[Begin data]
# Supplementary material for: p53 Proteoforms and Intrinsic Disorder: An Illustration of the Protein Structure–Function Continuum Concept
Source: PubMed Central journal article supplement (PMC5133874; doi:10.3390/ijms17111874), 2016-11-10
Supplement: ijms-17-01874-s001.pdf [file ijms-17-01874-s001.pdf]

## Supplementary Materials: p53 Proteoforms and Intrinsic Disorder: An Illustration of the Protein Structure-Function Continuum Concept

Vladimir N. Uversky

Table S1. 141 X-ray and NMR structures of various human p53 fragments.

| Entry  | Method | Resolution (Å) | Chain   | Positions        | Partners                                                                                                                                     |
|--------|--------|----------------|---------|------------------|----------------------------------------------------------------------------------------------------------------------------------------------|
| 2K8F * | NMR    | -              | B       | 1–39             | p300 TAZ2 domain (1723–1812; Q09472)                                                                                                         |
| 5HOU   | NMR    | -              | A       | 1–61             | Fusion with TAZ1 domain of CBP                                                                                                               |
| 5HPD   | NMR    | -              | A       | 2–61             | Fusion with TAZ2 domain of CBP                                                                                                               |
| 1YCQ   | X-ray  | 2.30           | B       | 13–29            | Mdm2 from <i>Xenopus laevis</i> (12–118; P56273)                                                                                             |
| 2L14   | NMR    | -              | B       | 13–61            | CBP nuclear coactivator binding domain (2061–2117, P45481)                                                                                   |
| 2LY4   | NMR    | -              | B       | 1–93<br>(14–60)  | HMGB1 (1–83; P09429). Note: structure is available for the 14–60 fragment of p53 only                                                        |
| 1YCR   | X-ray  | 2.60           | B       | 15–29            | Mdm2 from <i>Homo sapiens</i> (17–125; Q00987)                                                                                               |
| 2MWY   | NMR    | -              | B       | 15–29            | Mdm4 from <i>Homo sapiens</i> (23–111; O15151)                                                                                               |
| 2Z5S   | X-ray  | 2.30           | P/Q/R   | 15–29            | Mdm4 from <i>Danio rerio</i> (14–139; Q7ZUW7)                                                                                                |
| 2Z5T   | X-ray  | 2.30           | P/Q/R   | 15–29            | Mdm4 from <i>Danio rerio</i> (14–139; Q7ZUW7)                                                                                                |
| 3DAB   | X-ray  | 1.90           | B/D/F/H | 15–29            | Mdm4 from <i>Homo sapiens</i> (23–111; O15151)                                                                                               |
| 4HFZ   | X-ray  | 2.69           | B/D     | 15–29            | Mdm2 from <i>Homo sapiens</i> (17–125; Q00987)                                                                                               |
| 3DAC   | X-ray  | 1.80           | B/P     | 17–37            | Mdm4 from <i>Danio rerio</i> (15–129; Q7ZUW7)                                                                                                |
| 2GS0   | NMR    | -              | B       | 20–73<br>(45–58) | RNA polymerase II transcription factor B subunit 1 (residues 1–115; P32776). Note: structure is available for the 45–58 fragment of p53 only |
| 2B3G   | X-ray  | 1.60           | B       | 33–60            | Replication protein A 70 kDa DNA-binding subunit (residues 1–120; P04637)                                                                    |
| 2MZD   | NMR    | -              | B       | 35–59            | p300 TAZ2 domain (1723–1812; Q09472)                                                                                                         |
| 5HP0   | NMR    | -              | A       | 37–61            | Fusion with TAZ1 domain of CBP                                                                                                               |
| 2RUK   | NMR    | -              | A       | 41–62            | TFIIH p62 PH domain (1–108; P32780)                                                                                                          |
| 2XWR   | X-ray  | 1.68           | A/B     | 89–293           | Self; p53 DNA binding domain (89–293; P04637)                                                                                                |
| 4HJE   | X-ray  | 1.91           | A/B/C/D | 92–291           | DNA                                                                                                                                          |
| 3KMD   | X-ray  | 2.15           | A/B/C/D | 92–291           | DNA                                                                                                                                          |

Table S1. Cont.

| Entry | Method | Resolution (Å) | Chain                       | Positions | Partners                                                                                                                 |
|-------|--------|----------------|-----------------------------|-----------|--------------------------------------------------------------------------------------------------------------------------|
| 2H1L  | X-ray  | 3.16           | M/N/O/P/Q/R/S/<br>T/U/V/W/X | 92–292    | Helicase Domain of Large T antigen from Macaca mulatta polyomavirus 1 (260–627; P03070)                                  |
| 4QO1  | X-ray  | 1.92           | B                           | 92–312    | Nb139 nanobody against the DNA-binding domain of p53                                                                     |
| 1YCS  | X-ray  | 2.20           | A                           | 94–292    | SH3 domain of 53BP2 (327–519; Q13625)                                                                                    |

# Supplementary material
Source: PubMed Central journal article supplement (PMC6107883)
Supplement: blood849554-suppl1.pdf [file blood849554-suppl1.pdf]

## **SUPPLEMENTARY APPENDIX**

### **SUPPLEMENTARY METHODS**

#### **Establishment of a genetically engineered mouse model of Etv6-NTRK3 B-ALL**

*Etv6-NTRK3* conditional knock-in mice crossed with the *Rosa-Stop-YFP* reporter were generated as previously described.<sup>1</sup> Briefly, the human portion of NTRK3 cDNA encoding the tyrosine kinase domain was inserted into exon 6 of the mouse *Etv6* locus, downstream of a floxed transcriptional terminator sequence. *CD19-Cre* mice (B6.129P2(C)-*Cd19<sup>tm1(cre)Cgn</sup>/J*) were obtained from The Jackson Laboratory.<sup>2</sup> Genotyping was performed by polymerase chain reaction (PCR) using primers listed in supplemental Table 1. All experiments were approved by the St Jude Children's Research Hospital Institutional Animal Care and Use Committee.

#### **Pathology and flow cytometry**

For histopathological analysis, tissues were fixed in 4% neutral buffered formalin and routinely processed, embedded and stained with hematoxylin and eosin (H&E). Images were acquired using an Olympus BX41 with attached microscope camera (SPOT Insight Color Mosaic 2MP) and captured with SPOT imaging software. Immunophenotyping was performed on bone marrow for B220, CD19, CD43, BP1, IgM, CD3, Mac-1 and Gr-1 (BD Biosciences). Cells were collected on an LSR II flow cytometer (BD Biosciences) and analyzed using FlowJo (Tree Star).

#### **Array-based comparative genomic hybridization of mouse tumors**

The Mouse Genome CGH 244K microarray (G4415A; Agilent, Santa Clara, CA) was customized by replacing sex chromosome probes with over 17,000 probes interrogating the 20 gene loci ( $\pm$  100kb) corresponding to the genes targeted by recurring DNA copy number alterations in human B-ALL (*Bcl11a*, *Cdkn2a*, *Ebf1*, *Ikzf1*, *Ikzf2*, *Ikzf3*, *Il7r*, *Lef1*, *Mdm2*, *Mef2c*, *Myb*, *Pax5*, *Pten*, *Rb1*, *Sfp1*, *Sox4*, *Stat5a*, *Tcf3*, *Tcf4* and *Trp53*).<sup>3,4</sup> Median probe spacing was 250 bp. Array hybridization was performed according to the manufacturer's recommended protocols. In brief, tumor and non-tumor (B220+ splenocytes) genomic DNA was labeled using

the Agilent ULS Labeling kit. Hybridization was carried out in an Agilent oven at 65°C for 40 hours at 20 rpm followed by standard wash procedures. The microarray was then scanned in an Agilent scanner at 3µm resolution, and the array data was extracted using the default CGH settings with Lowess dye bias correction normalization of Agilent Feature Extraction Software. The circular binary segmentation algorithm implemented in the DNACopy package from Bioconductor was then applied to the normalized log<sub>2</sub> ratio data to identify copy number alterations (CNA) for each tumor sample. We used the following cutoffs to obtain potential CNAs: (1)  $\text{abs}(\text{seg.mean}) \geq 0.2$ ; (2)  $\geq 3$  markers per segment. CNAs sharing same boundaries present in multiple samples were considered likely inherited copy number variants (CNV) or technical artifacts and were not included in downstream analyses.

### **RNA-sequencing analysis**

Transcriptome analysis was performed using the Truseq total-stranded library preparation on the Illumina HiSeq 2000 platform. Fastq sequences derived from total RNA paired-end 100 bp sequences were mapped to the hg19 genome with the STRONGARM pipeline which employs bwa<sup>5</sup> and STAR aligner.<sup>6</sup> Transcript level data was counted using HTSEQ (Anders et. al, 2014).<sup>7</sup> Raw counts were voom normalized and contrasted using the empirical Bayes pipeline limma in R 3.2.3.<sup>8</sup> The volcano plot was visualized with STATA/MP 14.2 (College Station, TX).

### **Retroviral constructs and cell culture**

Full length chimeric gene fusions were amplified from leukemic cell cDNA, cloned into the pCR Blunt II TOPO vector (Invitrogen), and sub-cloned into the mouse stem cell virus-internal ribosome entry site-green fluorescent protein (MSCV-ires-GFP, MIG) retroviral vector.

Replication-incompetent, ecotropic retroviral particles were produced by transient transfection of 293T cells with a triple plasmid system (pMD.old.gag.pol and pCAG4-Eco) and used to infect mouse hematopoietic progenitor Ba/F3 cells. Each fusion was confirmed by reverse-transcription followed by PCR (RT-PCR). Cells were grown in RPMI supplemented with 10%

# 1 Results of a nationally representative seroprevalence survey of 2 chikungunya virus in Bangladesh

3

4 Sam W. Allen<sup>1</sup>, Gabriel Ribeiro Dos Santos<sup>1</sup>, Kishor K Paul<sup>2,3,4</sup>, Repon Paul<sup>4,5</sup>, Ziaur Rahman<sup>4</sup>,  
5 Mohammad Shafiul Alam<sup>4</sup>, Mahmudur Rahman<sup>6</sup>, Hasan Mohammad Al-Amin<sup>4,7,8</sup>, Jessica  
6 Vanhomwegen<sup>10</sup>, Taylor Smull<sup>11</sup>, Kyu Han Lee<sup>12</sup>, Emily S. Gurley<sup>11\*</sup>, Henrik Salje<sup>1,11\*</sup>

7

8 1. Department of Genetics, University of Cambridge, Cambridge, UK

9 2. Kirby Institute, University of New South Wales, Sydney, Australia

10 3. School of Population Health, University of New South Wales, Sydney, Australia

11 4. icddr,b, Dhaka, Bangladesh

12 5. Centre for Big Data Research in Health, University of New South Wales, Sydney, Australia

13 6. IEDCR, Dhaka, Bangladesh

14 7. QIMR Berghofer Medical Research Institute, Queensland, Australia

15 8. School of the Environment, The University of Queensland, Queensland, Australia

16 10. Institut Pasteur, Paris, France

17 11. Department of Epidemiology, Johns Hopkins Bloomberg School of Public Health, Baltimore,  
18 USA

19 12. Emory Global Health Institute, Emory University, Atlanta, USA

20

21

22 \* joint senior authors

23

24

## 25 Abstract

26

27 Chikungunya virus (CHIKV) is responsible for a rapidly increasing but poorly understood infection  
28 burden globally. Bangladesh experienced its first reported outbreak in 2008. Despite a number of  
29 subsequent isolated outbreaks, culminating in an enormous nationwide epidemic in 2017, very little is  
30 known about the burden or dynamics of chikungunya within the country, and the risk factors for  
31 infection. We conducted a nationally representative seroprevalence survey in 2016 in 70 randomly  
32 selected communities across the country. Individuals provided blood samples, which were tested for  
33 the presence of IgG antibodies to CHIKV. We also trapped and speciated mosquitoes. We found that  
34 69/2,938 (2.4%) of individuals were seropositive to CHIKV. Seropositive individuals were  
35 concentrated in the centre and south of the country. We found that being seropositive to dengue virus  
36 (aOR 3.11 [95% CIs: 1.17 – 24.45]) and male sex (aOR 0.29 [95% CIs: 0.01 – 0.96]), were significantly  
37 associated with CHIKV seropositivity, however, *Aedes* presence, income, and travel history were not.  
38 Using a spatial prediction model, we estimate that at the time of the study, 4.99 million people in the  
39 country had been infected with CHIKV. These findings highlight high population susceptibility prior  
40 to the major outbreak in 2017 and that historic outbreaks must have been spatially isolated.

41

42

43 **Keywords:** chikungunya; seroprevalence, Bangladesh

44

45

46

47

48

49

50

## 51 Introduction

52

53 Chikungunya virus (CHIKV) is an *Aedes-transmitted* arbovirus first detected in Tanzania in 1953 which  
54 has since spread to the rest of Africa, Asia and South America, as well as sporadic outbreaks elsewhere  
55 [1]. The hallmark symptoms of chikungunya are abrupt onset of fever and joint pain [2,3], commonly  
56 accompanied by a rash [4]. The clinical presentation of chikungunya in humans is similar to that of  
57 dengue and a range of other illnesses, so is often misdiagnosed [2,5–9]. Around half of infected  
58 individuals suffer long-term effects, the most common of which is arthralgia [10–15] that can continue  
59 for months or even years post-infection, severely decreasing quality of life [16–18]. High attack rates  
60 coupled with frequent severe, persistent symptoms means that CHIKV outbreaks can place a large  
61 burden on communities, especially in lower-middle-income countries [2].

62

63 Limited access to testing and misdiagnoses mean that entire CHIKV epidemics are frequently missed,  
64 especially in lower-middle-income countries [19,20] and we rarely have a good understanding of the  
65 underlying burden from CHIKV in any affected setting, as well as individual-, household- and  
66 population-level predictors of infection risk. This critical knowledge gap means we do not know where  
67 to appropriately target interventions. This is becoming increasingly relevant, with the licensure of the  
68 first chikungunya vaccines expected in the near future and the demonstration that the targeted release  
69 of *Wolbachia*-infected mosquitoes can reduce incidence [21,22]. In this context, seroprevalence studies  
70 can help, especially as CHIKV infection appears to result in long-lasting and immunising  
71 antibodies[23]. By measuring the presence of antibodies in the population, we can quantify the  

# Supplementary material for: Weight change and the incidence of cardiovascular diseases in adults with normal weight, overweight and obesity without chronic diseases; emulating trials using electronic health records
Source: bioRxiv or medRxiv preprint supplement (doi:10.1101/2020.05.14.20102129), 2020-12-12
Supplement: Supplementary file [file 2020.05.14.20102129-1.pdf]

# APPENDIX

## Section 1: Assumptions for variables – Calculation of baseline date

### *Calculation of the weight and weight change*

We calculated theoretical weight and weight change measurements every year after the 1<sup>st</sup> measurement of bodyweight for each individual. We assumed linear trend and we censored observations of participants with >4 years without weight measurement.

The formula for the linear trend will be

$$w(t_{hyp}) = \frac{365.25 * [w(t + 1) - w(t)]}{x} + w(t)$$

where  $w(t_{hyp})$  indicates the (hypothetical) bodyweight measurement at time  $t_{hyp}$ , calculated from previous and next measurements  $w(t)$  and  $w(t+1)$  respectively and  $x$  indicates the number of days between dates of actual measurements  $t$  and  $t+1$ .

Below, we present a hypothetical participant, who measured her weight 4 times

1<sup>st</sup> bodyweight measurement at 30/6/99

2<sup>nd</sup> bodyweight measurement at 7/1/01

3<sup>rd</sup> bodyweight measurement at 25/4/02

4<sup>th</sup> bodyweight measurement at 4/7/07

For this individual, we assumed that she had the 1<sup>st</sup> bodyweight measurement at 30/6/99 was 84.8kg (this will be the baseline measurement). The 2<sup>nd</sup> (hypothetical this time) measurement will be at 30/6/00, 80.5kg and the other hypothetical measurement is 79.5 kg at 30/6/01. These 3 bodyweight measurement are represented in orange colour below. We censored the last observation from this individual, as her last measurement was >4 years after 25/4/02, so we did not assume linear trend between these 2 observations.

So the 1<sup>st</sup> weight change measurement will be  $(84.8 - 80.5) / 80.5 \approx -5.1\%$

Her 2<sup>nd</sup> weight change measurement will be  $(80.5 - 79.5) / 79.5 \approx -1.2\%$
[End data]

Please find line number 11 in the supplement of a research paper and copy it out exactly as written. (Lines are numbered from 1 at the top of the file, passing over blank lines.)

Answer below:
| 5HPD   | NMR    | -              | A       | 2–61             | Fusion with TAZ2 domain of CBP                                                                                                               |